Julio Tarqui (born in Ica in 1960) is a promising presence in Peruvian fine arts. His tendency toward the abstract, with traces of the figurative, brings us closer to the splendid Incan past with a pictorial language full of vitality, color and form. A...
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Tito Julio Tarqui Prado
Julio Tarqui (born in Ica in 1960) is a promising presence in Peruvian fine arts. His tendency toward the abstract, with traces of the figurative, brings us closer to the splendid Incan past with a pictorial language full of vitality, color and form. A graduate of the Escuela Nacional Superior de Bellas Artes, his painting is of genuine inspiration that rescues ancestral roots elevating the glorious pre-Hispanic past. His work evidences continuity between the past and present.
"I've painted since childhood, much before enrolling in the Escuela Nacional Superior de Bellas Artes. My work is inspired by pre-Hispanic cultures, and I want people to understand our glorious past so that new generations are aware of it and learn to love it. My painting focuses on the figurative abstract, but it's flexible and has no imaginative limits.
"Before beginning a work, I make an initial sketch to then pass on to the canvas. Sometimes I make variations on the plan, modifying the tones without sacrificing the composition. I paint until the composition achieves equilibrium in color and form and that's where I decide to stop. I've had forty collective exhibitions in my artistic career and some individual ones. I've proposed various goals for myself in my life - some I've achieved and some I haven't, but perhaps the most important is to have dedicated myself to art during difficult times in our country. That, I've achieved. I like to show my work and teach those who are interested; I'm totally open to teaching. To Novica clients, I'd like to ask them to let me be the artistic ambassador of my country and to show them, through my paintings, part of the grandeur of its glorious past."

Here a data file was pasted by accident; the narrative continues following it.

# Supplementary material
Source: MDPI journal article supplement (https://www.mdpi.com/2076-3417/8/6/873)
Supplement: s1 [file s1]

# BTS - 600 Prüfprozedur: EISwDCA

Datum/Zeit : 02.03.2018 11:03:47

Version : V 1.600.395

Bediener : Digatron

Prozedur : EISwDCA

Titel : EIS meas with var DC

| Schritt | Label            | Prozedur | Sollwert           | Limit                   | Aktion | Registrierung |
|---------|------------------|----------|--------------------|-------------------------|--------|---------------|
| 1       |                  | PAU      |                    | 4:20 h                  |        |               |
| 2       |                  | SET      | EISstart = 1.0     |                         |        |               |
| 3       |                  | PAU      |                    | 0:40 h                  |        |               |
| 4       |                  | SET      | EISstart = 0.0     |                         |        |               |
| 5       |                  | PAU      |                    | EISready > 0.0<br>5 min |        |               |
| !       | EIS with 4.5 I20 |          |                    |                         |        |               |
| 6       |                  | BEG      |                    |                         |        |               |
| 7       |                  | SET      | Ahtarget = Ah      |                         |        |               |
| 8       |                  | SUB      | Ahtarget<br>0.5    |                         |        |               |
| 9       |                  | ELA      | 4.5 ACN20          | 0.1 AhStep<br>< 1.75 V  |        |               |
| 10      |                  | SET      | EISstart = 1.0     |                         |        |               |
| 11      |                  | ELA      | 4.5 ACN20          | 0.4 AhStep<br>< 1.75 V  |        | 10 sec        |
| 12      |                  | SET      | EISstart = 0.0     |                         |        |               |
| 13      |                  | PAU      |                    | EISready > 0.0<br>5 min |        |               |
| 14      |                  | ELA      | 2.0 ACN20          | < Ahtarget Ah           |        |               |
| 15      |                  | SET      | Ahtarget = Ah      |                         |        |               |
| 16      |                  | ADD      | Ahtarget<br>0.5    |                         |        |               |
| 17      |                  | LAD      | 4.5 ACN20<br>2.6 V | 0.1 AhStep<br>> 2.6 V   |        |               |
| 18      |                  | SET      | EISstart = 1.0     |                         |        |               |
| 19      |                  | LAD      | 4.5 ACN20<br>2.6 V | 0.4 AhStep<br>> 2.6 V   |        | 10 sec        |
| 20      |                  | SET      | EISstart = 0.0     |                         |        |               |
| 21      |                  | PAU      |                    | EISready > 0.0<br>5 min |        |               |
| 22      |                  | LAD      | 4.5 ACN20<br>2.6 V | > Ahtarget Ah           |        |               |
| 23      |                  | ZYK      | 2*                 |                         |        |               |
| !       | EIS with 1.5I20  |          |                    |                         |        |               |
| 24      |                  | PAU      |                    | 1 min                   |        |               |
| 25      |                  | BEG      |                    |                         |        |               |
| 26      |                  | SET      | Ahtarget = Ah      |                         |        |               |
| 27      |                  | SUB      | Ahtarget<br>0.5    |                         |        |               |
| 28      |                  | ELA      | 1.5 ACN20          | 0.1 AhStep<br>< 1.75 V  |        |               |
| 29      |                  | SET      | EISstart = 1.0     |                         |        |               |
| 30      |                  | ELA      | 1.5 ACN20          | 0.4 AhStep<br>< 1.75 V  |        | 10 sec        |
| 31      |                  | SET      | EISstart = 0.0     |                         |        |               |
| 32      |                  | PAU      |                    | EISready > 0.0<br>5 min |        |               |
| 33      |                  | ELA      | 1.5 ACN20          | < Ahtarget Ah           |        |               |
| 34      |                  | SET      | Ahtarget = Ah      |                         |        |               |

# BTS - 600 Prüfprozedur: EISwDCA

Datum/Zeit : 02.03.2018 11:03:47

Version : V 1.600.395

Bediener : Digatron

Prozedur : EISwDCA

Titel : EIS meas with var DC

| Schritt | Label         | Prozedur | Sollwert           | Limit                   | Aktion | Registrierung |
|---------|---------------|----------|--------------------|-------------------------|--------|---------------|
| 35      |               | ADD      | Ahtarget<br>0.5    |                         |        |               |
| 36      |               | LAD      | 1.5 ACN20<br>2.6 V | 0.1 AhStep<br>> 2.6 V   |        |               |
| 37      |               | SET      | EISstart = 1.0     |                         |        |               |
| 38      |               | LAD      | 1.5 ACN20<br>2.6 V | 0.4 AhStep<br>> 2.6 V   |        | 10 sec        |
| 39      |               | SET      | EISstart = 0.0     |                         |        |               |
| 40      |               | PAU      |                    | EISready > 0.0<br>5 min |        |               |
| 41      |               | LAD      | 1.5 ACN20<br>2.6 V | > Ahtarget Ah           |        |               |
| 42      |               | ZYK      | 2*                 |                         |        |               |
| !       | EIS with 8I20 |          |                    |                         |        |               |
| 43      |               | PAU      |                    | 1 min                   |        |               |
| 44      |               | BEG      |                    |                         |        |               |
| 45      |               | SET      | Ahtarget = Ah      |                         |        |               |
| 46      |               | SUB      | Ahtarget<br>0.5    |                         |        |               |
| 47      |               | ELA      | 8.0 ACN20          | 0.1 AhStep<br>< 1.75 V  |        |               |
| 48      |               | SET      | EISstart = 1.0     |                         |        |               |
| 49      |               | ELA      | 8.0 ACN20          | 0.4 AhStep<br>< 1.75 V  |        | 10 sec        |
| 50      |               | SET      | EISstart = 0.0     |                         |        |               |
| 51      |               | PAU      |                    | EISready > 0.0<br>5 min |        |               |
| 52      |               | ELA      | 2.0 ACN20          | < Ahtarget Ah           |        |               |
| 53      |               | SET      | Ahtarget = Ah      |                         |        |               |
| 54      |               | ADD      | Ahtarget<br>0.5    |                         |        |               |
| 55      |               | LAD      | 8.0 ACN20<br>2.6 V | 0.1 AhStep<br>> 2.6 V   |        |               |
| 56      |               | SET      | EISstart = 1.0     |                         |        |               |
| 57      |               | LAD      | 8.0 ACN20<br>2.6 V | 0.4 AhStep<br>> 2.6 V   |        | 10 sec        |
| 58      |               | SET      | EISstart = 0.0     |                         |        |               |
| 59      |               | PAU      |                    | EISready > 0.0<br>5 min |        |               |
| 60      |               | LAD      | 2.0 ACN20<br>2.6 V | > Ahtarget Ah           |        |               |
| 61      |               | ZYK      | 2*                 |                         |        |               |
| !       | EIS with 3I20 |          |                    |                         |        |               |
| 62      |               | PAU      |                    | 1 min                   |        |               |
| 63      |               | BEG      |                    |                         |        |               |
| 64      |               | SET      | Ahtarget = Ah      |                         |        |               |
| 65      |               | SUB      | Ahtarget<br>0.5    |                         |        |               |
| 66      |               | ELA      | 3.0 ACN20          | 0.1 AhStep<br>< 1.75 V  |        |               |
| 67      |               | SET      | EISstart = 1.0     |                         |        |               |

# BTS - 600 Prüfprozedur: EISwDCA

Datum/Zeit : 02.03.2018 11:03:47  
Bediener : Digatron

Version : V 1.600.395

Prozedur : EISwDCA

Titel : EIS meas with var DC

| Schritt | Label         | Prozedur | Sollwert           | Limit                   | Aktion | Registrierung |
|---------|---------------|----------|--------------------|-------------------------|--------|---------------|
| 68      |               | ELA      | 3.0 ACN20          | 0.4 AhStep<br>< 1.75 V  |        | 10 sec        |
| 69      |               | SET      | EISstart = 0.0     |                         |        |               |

In his painting of figurative and abstract construction, Julio Tarqui offers us a new expression of an old theme, urging the Inca past to wake up and respond to the secular silence, sustaining his audaciousness with tones and forms that constitute the finest of art.